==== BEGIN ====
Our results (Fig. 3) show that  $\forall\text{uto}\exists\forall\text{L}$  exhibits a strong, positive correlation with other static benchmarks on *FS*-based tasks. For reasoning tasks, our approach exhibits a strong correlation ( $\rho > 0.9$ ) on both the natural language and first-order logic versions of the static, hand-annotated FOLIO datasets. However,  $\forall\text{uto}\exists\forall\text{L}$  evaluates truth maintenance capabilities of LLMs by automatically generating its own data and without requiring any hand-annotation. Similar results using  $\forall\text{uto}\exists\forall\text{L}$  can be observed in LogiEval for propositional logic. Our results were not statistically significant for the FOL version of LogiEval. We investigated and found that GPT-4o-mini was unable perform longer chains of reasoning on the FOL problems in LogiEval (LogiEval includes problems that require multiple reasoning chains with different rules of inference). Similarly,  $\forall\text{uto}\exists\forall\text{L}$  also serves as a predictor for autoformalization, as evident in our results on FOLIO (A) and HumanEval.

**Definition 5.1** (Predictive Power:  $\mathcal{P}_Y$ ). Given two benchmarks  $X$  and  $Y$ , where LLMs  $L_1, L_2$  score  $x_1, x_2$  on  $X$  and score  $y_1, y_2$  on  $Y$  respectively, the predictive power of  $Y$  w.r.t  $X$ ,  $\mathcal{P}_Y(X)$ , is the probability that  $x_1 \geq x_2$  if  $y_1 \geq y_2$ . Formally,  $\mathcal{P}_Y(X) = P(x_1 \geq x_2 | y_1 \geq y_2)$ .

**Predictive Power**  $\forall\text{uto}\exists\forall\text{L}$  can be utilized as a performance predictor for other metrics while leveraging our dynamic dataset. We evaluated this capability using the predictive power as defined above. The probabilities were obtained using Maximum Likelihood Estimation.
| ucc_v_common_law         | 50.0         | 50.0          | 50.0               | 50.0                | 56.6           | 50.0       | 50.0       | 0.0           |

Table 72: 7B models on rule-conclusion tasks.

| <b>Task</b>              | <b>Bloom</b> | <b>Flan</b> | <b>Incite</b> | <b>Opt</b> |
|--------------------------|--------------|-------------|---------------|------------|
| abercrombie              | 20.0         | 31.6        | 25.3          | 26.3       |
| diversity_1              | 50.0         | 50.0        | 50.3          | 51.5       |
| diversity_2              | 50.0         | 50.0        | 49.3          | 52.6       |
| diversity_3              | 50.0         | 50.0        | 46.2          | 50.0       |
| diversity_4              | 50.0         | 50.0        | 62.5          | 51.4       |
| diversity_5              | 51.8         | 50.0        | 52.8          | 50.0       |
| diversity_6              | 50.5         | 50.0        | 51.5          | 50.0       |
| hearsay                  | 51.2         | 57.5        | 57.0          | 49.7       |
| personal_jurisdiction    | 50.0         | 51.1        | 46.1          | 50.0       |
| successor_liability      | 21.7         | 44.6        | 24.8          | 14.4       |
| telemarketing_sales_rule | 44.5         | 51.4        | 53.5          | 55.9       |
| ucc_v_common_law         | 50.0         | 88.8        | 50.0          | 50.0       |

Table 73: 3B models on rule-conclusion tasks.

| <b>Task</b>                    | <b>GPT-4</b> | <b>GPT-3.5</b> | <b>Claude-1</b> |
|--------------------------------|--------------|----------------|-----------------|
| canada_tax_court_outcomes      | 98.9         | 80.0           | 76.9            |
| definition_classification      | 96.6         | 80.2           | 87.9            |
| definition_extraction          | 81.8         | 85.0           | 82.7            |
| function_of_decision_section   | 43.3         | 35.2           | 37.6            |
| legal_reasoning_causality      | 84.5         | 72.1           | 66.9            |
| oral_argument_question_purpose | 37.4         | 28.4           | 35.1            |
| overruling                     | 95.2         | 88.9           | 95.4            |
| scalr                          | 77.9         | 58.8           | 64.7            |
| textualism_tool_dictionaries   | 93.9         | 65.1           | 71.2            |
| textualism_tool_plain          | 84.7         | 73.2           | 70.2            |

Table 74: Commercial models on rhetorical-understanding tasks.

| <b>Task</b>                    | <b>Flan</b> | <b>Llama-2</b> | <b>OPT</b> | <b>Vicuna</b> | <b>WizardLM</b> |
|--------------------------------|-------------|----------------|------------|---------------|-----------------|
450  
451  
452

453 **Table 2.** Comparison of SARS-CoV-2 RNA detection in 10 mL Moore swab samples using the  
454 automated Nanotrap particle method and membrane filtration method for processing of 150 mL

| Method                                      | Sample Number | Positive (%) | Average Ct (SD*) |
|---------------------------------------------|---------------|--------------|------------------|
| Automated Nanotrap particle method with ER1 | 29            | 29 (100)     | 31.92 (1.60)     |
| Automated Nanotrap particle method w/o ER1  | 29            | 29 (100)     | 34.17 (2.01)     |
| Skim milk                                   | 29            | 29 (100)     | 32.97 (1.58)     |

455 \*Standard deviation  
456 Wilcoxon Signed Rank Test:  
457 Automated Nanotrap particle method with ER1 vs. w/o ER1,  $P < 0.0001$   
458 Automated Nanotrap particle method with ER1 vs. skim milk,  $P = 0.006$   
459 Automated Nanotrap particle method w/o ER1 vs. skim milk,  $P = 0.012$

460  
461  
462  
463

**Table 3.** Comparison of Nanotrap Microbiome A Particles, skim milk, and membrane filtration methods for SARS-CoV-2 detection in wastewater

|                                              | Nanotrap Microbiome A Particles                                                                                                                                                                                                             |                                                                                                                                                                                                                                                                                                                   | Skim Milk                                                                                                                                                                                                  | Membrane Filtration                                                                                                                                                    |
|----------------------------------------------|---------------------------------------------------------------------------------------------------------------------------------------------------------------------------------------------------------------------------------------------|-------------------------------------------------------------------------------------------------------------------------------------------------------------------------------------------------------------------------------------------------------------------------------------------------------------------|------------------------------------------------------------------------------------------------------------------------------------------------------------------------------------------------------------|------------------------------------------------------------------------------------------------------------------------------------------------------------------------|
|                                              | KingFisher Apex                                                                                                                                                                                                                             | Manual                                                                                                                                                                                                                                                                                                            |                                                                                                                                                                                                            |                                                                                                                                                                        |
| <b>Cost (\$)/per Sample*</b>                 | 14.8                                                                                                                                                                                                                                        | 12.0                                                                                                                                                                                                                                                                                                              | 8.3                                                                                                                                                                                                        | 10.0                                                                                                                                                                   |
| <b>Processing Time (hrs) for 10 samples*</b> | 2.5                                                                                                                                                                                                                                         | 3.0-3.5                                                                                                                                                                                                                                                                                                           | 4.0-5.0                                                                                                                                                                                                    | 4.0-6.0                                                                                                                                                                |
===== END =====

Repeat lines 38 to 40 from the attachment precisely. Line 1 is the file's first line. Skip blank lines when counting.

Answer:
452

453 **Table 2.** Comparison of SARS-CoV-2 RNA detection in 10 mL Moore swab samples using the  
454 automated Nanotrap particle method and membrane filtration method for processing of 150 mL